With an electric vehicle, performance primarily means range. BMW estimates the i3 will go 80 to 100 miles between charges, putting it in the same class as the majority of electric cars launched in the last few years. From BMW's perspective, that range fits perfectly within the parameters it set out. As an urban vehicle, the i3 is meant to handle daily driving around a city. Especially in Europe, for the majority of people that range is more than adequate to make a daily commute and run errands.

That sort of range is a tougher sell in the U.S., even if most people don't actually drive farther on a daily basis.


This is not a detox diet. Nor is it an extreme version of calorie restriction.

Nope, the strategy of so-called 5-2 diets is to endure two days a week of mini-fasting.

This doesn't mean starving yourself. Rather, it entails reducing your calorie intake during two days of the week down to somewhere in the range of 500 to 1,000 calories.

The idea of intermittent mini-fasting seems to be gaining traction. One version of the diet is being popularized by Michael Mosley, a British physician and journalist who's written a best-selling book called The Fast Diet and produced a documentary.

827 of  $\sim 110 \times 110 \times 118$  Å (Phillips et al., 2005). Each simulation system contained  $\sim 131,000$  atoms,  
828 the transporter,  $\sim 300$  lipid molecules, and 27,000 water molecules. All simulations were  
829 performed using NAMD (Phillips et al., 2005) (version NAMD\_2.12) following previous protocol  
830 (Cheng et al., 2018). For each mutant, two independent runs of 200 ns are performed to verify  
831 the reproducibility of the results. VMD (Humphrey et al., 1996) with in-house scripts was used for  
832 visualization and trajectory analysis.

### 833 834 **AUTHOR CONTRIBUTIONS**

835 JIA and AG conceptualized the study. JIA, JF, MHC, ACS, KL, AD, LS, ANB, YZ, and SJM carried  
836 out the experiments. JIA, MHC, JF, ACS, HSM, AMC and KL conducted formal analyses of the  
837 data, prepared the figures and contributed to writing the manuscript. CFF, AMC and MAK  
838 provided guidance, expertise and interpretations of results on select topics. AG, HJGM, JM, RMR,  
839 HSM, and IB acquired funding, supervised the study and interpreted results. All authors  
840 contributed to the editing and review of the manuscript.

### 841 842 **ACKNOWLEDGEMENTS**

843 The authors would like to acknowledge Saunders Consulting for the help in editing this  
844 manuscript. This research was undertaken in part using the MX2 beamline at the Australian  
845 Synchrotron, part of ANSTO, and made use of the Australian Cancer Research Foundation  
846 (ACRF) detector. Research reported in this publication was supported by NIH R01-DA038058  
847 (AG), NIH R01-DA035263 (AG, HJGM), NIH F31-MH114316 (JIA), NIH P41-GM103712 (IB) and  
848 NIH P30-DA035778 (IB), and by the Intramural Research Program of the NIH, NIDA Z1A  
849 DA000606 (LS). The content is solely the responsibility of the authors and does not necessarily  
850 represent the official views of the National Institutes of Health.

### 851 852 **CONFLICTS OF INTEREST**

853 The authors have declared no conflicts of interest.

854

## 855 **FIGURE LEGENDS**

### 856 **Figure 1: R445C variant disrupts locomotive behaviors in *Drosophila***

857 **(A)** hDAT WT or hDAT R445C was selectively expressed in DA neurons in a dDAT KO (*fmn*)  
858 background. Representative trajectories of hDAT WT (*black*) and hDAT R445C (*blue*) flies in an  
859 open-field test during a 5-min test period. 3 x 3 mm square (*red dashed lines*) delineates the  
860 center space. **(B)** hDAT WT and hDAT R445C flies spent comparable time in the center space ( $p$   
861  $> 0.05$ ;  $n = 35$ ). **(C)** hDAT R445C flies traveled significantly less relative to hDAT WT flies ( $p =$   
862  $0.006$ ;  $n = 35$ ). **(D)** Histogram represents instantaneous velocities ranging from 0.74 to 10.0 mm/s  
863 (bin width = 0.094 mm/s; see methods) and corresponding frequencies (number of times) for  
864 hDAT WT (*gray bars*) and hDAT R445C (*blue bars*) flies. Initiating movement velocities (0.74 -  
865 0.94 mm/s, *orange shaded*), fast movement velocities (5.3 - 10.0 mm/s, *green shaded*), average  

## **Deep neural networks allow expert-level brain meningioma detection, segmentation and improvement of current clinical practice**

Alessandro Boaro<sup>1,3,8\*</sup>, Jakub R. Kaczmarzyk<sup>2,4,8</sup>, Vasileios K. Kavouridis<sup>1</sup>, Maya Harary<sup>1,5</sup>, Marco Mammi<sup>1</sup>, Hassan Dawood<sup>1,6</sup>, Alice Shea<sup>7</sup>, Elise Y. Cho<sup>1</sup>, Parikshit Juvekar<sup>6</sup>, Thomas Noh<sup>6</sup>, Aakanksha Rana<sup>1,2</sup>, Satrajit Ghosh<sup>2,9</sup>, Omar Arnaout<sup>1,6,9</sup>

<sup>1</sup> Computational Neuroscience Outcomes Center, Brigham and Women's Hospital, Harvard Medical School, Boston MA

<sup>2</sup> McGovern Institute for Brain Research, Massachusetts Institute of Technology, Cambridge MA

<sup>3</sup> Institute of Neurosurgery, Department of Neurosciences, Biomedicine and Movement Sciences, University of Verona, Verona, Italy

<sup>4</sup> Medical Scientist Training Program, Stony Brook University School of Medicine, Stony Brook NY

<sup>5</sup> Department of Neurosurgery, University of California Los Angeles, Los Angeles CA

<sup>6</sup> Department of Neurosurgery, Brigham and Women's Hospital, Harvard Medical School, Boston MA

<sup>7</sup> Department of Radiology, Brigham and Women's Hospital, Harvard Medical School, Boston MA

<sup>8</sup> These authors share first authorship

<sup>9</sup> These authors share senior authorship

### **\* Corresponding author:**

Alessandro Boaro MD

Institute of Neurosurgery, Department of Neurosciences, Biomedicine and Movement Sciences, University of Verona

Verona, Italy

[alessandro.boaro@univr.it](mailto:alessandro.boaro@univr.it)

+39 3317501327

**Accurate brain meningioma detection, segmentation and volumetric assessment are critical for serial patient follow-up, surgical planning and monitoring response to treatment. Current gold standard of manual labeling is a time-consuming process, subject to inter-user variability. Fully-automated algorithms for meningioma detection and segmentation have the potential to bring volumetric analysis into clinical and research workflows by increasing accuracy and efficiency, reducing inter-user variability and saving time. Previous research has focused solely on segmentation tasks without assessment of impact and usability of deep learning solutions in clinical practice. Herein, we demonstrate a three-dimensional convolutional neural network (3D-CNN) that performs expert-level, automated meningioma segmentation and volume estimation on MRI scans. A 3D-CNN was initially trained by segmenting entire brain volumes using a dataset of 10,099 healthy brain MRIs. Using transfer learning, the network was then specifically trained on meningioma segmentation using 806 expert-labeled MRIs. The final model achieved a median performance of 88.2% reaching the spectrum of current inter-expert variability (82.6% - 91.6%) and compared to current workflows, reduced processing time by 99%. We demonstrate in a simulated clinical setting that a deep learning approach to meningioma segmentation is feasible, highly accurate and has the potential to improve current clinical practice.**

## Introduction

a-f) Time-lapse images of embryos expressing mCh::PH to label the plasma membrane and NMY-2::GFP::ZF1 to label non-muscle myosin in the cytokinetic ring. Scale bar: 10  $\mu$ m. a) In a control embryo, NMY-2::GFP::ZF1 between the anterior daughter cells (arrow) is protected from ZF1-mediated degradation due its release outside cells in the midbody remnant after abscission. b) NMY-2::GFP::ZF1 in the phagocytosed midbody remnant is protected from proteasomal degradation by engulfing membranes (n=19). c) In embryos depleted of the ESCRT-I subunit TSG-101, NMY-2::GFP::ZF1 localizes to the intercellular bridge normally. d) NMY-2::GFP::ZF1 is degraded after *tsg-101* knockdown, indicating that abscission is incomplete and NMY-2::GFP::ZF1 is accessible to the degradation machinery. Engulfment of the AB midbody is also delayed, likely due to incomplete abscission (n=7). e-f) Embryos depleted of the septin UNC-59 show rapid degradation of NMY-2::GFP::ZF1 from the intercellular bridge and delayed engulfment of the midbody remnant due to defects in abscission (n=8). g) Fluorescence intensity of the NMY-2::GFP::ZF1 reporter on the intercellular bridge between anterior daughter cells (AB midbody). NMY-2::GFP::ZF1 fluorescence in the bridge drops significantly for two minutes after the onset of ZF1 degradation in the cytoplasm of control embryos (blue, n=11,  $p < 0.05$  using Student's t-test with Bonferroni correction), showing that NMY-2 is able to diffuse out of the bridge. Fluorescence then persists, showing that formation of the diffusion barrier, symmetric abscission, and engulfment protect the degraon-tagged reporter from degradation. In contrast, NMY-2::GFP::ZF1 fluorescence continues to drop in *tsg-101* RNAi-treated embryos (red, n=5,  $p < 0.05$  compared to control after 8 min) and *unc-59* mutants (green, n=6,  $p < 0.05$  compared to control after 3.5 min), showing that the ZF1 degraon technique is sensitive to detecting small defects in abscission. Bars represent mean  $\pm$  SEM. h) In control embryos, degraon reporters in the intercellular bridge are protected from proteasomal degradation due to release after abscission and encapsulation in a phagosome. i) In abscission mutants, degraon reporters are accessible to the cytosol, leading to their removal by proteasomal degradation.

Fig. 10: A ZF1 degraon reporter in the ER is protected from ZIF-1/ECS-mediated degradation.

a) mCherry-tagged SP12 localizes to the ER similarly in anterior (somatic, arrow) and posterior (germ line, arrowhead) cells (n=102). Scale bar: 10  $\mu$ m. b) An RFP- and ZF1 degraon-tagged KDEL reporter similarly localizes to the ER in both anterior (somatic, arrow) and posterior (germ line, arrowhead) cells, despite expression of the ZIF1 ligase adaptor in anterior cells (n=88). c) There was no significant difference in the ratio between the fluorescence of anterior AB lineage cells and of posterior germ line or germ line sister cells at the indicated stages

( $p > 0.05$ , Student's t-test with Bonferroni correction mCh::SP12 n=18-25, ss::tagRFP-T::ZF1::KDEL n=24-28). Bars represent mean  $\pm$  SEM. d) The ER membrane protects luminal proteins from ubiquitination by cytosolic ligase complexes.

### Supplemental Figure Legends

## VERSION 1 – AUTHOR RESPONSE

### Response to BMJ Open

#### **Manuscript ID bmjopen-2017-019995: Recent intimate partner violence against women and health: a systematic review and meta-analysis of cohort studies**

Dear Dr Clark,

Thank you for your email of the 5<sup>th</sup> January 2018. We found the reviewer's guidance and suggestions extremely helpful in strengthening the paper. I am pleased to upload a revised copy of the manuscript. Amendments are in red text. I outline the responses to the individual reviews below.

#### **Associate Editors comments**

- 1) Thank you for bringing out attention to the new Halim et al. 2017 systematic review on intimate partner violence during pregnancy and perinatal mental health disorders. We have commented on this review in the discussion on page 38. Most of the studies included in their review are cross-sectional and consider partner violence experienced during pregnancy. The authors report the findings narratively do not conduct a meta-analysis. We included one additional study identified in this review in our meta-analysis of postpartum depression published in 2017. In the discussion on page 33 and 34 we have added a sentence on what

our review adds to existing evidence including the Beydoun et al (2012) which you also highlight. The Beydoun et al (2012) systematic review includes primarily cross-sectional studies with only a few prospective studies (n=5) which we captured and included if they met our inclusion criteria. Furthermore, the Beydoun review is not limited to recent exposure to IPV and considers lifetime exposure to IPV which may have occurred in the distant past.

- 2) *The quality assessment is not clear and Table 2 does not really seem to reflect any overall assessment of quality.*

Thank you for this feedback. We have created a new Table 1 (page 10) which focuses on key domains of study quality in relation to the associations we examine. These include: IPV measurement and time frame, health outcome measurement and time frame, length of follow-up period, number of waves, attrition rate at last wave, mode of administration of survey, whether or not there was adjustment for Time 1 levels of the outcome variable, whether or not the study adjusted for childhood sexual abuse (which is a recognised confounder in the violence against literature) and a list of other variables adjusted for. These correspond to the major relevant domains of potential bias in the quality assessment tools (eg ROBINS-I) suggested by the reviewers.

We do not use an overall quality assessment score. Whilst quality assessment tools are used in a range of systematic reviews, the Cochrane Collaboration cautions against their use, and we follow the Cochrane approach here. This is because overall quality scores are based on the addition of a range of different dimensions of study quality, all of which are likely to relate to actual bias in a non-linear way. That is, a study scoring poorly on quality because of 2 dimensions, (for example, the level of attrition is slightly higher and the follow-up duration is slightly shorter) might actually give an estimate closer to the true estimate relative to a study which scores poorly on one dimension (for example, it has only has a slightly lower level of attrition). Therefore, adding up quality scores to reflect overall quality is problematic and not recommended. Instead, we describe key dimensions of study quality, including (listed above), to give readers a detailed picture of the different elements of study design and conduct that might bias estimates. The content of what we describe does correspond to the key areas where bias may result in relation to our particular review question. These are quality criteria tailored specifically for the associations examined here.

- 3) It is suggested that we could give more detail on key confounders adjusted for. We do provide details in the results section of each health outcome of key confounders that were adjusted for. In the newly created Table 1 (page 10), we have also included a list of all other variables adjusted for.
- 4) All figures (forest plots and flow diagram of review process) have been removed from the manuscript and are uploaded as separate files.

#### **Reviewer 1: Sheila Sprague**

And there are other popular tomes on the topic. Take for instance, The 5:2 Diet Book, which claims you can boost your brain power and transform your health by feasting for five days and fasting for two.

With so much hype, I was skeptical so I dug a little deeper into the science behind these diets.

My first stop was Baltimore, where I visiting the National Institute on Aging. It's here that researcher Mark Mattson has conducted a lot of pioneering animal studies. He's interested in how limiting calories may fend off aging-related diseases.

New York Times

A group of experts advising the nation’s premier cancer research institution has recommended sweeping changes in the approach to cancer detection and treatment, including changes in the very definition of cancer and eliminating the word entirely from some common diagnoses.

The recommendations, from a working group of the National Cancer Institute, were published on Monday in the Journal of the American Medical Association. They say, for instance, that some premalignant conditions, like one that affects the breast called ductal carcinoma in situ, which many doctors agree is not cancer, should be renamed to exclude the word carcinoma so that patients are less frightened and less likely to seek what may be unneeded and potentially harmful treatments that can include the surgical removal of the breast.

The group, which includes some of the top scientists in cancer research, also suggested that many lesions detected during breast, prostate, thyroid, lung and other cancer screenings should not be called cancer at all but should instead be reclassified as IDLE conditions, which stands for “indolent lesions of epithelial origin.”